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Best Practices for Writing Board Minutes

CPAs & Business Consultants


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Writing board meeting minutes may seem like a purely administrative task, but in reality the board minutes are a key insight into the inner workings of a nonprofit organization. Having clear, concise board minutes is important for organizations of all sizes.

Board minutes need to be maintained for many purposes.

1. Minutes document the leadership decisions of an organization.

2. Certain grantors may request copies of board minutes when making decisions on funding.

3. Minutes are required in the organization’s bylaws.

4. IRS Form 990 requires organizations to keep written documentation of meetings.

5. If an organization has an annual audit, the auditor will review the minutes. 

Here are a few items to consider to ensure that your minutes meet general best practices:

1. While many things are important to document in the minutes, here are some specific items to include:

  • Voting or appointment of key board positions
  • Budget adoption, including subsequent amendments
  • Changes to executive compensation
  • Bidding results for capital purchases
  • References to closed sessions
  • Conflicts of interest (including how potential conflicts were mitigated i.e., abstaining from vote or dismissal from discussion
  • Changes to governing documents (bylaws, policies, articles of incorporation)
  • Other significant items that would be best documented in writing

2. The minutes should be concise. A reader does not need to know every word spoken, just the highlights. A reader should have a basic understanding of what was discussed and what decisions were made.

  • While there is an increasing trend to use audio or video to record meetings, minutes should still be written and summarize the meeting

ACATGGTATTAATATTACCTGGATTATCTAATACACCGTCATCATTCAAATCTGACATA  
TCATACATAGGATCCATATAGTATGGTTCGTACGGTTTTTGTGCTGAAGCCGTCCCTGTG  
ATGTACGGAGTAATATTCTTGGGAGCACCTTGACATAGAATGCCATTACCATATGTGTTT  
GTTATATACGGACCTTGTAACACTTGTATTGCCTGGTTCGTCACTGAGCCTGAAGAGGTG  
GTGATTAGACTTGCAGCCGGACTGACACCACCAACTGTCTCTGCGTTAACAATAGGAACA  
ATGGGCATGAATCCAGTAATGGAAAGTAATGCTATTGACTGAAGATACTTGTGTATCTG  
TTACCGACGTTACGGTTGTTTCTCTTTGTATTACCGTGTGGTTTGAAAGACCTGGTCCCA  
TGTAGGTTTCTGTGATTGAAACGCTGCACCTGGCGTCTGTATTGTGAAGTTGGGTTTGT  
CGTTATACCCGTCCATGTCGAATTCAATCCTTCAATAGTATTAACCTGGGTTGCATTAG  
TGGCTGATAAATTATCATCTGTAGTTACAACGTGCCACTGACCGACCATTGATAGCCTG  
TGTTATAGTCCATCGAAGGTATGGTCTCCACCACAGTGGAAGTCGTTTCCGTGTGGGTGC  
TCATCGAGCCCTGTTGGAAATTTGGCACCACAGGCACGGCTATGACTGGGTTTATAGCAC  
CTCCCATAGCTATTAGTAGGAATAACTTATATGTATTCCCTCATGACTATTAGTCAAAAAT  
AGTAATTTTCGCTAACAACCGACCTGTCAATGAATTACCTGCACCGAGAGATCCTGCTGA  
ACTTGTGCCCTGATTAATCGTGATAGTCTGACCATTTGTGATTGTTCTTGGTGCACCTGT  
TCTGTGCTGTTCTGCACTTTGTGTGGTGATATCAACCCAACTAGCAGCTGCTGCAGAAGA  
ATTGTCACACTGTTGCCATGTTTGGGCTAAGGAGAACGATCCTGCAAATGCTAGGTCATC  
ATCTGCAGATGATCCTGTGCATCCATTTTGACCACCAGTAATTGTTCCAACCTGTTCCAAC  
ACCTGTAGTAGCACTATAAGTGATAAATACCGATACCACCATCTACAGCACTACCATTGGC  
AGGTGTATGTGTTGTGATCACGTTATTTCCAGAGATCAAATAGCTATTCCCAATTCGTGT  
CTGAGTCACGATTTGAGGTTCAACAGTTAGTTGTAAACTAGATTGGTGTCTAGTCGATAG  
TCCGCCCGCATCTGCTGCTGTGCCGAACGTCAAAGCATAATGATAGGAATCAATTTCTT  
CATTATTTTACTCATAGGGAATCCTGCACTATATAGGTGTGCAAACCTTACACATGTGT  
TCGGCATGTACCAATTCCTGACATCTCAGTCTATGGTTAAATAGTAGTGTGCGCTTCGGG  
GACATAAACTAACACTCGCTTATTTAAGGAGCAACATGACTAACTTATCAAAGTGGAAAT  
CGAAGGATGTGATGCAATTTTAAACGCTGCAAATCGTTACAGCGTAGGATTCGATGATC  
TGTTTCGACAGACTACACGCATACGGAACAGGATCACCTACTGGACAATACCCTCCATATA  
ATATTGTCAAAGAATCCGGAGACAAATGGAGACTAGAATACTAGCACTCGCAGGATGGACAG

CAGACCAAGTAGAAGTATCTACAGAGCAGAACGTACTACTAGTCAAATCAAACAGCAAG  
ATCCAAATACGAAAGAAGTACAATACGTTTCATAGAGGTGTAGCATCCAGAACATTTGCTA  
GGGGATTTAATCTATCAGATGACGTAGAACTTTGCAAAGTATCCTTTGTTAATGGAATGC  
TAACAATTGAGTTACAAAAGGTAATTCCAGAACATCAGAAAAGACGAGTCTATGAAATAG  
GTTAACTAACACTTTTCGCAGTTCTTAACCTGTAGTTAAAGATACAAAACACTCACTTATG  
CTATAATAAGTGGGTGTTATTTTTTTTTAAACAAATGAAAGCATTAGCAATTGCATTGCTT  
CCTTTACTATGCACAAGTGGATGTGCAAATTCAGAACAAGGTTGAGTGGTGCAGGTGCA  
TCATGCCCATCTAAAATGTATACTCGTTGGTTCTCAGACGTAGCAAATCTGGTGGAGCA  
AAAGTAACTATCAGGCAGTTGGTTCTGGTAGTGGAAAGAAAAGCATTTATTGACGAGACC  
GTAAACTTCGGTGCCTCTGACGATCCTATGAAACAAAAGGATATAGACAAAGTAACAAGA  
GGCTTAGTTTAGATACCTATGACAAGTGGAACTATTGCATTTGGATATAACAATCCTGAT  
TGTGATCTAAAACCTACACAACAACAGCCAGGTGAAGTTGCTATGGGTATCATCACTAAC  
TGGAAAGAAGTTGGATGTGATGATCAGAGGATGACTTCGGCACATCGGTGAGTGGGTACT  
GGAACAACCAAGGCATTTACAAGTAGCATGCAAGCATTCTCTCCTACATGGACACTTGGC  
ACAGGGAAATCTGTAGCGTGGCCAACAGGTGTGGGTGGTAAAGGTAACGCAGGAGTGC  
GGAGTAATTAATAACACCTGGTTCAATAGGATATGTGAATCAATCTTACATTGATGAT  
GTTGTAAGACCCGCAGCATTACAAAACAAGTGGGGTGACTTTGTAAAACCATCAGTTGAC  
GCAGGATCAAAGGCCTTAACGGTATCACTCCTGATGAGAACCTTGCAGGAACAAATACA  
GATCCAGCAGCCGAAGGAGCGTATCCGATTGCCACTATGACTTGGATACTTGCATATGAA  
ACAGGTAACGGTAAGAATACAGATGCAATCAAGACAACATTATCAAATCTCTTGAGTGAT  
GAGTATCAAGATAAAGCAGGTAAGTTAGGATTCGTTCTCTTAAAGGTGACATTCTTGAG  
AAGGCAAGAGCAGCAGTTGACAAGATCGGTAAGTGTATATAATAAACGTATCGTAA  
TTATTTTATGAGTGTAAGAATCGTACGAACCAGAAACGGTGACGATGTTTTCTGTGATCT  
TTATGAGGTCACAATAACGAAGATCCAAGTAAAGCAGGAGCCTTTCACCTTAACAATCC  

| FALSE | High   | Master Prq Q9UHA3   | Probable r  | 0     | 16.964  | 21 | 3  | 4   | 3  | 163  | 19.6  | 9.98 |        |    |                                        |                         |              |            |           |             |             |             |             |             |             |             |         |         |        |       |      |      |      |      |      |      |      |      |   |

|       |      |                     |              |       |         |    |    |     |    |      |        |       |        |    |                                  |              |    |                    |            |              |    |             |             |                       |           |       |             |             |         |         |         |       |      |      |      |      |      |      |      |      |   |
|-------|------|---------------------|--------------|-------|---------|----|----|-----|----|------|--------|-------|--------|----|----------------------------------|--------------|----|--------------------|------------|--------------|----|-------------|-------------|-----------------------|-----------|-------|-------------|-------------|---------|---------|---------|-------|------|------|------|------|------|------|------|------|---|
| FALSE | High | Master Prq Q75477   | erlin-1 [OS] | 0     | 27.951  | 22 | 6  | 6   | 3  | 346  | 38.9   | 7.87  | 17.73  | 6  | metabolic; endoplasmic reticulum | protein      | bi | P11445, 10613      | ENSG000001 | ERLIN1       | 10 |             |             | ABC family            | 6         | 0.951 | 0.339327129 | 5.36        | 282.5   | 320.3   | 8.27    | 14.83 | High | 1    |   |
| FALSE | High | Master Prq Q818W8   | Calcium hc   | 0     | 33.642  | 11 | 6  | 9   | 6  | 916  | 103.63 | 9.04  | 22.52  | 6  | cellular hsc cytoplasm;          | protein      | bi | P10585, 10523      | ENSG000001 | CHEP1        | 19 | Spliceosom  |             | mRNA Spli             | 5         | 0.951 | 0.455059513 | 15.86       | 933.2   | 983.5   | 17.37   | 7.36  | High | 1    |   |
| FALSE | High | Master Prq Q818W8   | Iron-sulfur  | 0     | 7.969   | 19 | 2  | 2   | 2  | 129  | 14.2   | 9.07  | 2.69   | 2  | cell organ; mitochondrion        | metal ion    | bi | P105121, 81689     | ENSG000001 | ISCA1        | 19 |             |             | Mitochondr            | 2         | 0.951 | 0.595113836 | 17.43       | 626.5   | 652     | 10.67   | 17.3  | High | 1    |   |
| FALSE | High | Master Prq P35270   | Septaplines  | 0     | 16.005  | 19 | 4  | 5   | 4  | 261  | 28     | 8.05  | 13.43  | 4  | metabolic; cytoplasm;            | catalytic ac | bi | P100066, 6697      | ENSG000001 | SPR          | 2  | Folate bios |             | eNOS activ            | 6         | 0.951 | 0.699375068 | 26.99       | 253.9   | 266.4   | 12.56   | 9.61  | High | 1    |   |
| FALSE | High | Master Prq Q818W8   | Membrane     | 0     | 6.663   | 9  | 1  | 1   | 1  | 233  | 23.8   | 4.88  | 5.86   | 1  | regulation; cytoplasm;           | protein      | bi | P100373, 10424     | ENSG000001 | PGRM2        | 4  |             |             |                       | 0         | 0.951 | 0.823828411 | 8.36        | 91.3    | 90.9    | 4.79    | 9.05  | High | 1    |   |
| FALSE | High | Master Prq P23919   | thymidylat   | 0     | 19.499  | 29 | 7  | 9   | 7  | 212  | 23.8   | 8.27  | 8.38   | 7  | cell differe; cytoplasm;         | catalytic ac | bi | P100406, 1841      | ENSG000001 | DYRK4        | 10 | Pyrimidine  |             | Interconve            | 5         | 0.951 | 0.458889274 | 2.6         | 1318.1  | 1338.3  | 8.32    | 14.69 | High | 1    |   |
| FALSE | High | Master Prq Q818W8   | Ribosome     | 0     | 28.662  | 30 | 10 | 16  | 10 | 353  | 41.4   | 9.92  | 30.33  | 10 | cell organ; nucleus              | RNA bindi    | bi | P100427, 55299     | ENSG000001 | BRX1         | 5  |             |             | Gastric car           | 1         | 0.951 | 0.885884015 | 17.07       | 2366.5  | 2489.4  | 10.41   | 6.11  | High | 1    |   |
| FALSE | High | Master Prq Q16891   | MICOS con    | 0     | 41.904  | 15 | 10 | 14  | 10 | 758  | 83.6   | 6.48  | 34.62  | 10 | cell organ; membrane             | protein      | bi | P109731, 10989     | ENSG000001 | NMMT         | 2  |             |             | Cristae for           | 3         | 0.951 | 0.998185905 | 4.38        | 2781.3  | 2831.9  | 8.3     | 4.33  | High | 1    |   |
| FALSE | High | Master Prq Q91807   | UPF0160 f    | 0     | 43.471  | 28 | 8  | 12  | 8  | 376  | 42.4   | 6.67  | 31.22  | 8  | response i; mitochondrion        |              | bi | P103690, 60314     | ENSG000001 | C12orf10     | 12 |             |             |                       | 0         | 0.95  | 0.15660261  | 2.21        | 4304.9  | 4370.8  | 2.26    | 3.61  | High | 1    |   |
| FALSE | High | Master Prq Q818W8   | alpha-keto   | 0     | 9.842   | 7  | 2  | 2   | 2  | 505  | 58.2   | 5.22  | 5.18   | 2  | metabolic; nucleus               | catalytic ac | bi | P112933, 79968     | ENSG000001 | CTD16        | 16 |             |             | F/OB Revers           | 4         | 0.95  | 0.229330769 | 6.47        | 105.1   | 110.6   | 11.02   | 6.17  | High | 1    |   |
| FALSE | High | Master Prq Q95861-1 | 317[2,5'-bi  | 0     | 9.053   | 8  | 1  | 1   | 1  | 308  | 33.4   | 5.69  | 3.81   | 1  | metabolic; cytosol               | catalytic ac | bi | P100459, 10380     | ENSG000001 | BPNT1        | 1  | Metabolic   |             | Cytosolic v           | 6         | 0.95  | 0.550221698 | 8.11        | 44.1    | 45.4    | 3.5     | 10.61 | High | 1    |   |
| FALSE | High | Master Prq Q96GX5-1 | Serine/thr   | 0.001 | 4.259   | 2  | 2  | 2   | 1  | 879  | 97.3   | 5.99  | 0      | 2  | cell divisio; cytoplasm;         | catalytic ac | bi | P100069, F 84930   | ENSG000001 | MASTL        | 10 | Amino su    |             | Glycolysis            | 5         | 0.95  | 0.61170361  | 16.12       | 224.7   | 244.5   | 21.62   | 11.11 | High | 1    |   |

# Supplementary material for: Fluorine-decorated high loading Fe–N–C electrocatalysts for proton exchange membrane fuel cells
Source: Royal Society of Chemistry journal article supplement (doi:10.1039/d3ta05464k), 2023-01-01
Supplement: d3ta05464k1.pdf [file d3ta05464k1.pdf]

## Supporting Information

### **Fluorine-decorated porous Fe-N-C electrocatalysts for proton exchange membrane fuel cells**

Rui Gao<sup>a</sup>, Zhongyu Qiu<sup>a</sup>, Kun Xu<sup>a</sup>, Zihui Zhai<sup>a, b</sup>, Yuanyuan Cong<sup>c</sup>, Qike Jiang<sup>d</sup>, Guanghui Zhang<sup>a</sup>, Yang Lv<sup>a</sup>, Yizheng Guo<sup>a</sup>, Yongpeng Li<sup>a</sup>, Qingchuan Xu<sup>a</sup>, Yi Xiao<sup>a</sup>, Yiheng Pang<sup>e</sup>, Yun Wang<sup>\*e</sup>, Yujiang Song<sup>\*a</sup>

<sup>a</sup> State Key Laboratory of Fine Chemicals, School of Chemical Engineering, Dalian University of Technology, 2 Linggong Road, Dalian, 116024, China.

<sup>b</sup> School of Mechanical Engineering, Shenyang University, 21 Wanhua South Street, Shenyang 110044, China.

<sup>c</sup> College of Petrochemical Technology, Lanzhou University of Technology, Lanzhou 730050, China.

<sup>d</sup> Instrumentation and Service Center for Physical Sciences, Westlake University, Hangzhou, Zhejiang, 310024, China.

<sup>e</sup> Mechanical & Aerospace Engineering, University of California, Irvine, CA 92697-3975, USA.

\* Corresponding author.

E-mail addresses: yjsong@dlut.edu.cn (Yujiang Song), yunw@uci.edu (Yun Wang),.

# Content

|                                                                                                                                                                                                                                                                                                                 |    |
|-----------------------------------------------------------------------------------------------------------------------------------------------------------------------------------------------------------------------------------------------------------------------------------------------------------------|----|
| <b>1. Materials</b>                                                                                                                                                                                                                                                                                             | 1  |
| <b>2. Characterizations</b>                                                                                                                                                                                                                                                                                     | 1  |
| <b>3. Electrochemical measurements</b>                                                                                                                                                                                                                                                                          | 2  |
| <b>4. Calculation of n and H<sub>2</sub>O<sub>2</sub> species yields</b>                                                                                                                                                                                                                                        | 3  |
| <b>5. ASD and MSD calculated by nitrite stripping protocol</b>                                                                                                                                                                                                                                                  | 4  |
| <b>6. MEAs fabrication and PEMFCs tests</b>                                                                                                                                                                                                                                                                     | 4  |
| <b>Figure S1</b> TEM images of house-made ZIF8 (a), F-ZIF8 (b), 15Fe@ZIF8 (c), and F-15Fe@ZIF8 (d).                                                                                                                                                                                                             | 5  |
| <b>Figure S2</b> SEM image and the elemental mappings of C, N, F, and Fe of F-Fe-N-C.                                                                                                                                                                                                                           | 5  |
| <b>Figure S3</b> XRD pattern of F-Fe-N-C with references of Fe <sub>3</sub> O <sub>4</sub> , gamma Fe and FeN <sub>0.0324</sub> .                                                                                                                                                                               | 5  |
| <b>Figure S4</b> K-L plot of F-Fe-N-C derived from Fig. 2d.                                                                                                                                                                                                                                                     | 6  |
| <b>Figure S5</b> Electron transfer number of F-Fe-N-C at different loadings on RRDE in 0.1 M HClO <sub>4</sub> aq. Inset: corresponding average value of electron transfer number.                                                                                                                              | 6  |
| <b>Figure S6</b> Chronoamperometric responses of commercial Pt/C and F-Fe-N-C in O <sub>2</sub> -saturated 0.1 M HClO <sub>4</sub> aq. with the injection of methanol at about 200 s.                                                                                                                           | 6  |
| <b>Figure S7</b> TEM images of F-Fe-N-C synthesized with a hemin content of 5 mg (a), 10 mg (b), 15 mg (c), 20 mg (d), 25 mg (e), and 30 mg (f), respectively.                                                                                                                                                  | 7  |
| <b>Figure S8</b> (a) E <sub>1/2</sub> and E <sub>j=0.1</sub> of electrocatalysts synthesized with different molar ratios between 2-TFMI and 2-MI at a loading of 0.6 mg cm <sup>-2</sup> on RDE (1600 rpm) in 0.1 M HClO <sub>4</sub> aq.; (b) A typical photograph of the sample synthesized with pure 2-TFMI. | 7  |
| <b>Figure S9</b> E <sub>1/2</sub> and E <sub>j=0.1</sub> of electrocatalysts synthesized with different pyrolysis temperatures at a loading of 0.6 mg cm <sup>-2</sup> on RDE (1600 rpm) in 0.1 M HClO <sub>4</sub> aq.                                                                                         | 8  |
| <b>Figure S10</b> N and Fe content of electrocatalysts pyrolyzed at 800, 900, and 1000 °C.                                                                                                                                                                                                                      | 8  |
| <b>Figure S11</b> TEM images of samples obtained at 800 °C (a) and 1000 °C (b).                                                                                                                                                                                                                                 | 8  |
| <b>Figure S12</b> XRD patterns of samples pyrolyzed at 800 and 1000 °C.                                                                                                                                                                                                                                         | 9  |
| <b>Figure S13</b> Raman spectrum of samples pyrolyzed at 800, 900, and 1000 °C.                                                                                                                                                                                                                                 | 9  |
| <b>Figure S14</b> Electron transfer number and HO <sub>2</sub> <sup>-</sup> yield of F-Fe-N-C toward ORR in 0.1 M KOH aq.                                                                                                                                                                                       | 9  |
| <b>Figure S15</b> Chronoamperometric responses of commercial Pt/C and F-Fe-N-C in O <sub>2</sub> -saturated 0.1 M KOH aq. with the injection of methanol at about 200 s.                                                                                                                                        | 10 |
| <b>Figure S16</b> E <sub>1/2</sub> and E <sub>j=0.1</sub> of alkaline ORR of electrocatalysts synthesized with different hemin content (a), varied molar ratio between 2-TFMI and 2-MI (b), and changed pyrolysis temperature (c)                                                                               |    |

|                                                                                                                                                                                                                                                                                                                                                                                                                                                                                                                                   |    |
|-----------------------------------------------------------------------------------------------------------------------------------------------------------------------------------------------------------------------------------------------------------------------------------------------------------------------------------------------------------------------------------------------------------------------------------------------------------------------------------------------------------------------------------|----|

3. Organize the minutes in a consistent format. While it may not seem that style is important, having a template can make reviewing the minutes easier

  • The minutes should document who was at the meeting – this is especially important to document that quorum was met.
  • A clear description of what was discussed, specific motions made, and results of votes should be included.
  • The minutes should document who took them. Many times the secretary will take minutes, but another may choose to write the minutes for clerical purposes.

4. Minutes from the previous meeting should be disbursed to all board members and approved at the next meeting. Members should have the opportunity to propose corrections to the minutes prior to making them final.

5. Minutes should be maintained for subcommittees, such as finance or executive committees.

6. While not required, a best practice is that minutes be maintained in a central location. They may be kept in either electronic or paper format. Documents distributed at the meeting should be filed with the minutes.

If you have questions about writing or maintaining board meeting minutes, contact Yeo & Yeo’s Nonprofit Services Group.

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